Do a lot of other agents do the same thing you do at Spring Training?

It’s always been the case for agents to meet with clients during Spring Training.  It’s a relatively low pressure environment and allows for higher time availability for players.  It’s not the game-to-game grind of the regular season.  Players only play in parts of games so they are much freer, which is great because it allows for more 1 on 1 time.

Do you have any memorable stories from this or any other Spring Training?

I’m in baseball because I love the people involved in the sport.  This is the time when I get the best opportunity to engage with these individuals.  Meeting with great people and families, like the Mauers, Ripkens, and Pucketts, is a wonderful experience.

One memory that stands out was being able to step in to hit a few pitches.  I love the feeling of a wooden bat hitting a leather covered baseball.  When they were kind and threw the ball up to me…it went well.  When they showed me their stuff…it didn’t go so well.

The Last Baltimore Orioles World Series Title

Jeff Cochran


The power of relationships can’t be overlooked.  If you want to do business more than once, relationships make all the difference.  Of course you can be a hit-and-run negotiator by making one deal with somebody that squeezes them for all their worth, but then they will never want to come back and make another deal.  If you make WIN-win negotiations and build bonds, great things can happen in the future.

With baseball’s Opening Day beginning tomorrow, we thought it would be a good idea to share a story about the hometown Orioles and their last World Series championship.  Hopefully they’ll be able to bring another championship back to Baltimore in the near future.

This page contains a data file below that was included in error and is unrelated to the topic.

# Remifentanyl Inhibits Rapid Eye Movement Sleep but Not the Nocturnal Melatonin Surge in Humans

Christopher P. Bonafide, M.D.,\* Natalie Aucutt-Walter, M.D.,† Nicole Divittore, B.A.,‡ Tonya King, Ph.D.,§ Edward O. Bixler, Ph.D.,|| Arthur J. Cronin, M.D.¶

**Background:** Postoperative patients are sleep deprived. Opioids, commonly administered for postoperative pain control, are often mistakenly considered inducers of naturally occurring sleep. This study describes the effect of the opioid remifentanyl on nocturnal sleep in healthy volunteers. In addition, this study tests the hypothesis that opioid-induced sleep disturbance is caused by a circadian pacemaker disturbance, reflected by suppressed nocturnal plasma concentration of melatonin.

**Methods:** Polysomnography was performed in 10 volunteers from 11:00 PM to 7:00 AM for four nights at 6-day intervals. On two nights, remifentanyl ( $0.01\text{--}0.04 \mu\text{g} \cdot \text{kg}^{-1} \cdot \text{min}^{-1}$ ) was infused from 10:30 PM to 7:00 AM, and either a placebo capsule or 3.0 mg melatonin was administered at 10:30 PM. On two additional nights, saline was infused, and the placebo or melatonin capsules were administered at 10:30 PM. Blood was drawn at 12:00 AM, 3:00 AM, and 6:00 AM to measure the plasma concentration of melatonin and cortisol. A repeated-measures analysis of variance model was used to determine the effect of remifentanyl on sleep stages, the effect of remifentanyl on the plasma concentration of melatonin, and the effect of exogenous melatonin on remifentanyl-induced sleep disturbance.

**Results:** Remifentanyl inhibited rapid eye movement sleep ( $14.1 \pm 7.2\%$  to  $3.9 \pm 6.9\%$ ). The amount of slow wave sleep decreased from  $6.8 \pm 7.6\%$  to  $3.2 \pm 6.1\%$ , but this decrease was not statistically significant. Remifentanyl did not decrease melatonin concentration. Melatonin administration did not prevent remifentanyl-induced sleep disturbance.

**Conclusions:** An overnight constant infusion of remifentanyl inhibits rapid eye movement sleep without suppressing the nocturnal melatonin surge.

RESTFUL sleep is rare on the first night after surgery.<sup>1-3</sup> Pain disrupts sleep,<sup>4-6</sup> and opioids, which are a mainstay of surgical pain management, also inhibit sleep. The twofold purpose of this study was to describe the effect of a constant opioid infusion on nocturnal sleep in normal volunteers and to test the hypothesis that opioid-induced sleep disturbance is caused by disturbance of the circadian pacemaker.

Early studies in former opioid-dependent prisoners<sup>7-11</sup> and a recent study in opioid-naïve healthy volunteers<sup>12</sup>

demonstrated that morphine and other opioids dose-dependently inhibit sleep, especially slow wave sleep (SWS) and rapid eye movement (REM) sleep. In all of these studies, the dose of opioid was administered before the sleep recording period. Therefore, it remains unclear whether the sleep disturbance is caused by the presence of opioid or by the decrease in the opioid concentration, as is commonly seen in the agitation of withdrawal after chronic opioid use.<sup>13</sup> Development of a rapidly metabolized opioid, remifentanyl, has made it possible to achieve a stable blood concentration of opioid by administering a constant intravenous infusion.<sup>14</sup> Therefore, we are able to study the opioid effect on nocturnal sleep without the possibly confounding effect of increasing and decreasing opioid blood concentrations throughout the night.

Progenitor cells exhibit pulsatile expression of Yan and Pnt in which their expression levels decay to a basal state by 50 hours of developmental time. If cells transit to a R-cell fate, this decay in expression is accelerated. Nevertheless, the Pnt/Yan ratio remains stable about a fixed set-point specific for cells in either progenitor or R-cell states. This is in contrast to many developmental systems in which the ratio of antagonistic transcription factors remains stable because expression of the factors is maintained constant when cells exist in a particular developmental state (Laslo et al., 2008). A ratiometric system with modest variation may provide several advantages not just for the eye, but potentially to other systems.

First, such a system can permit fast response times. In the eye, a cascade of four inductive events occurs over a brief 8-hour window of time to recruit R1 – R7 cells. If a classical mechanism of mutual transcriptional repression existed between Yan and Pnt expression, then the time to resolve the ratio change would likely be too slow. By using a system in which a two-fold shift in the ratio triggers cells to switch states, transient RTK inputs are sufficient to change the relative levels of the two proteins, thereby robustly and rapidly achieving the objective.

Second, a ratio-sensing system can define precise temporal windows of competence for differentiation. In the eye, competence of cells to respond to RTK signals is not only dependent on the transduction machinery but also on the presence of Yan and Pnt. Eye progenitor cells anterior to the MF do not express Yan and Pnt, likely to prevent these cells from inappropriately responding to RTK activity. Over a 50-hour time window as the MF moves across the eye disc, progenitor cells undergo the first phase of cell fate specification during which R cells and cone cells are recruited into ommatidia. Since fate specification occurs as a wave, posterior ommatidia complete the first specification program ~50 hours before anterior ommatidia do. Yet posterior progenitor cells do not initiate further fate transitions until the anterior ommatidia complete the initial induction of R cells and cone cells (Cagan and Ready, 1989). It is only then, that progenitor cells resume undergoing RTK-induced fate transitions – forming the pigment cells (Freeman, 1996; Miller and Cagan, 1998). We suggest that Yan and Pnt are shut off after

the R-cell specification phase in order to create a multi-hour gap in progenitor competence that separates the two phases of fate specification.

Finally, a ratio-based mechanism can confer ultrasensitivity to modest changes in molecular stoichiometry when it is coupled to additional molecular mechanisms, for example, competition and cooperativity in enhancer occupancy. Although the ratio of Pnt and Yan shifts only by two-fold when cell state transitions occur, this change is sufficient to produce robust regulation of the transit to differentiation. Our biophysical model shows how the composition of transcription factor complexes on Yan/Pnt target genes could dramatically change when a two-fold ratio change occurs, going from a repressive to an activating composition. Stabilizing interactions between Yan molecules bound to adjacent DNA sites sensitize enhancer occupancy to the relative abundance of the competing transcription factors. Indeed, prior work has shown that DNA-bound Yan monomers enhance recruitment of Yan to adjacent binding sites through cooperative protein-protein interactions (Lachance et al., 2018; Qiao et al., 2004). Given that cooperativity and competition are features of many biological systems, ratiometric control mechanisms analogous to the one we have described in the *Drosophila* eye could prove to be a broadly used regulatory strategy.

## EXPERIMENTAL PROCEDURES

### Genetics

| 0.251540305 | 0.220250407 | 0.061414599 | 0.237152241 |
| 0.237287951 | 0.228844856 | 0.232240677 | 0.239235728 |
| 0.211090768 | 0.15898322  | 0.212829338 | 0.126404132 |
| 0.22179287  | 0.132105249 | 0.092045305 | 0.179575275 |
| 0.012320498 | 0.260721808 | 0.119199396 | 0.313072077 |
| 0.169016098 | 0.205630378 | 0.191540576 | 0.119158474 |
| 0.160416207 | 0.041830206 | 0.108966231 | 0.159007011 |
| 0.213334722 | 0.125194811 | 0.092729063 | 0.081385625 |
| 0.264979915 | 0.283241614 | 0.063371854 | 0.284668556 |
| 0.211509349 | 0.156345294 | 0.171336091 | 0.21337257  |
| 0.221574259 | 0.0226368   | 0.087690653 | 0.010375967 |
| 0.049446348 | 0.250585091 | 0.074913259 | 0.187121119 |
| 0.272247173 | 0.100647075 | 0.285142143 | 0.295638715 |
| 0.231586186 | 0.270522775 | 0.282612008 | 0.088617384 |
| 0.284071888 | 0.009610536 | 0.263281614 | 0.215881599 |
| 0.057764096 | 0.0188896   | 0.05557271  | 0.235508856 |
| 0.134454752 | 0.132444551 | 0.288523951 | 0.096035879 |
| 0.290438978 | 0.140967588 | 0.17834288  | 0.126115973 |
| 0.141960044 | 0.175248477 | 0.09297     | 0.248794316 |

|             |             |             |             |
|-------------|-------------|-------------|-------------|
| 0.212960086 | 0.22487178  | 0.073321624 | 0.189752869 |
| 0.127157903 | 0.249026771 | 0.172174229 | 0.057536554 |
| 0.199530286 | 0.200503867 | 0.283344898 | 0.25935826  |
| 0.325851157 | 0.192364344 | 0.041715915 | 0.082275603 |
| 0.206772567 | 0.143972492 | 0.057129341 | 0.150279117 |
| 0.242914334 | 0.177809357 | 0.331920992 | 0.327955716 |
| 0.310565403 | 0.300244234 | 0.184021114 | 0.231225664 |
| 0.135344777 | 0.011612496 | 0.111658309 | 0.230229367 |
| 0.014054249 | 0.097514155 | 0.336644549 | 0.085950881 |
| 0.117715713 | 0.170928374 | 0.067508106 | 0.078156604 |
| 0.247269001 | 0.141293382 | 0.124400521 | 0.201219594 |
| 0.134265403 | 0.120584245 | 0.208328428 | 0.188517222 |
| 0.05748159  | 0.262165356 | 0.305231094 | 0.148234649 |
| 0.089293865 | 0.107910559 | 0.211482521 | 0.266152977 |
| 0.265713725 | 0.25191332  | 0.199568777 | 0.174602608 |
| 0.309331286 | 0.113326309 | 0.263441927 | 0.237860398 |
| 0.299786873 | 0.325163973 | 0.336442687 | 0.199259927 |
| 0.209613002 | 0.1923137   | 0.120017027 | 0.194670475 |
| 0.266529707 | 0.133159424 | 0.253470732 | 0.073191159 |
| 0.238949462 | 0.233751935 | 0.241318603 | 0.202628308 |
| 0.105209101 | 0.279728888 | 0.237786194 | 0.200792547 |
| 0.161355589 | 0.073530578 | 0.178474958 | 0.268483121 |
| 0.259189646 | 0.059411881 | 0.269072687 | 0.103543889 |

The following is an excerpt from the book “The Power of NICE” by Ron Shapiro, Mark Jankowski, and Jim Dale.  Ron’s story shows how special relationships and bonds between players and management in 1979 helped the Baltimore Orioles win the World Series four years later.

The Orioles fell one game short of winning the World Series in 1979.  It was a team that had all the makings of a World Series winner, if the players could be kept together.  But keeping a team of that caliber together during the dawning of free agency was a real challenge.  Hometown heroes were leaving daily for big bucks in other markets.  It so happened, in the rarest of situations, I represented 15 members of that team.  We had negotiated very hard for every one of them, but we and our clients, also tried to understand the other side, the team.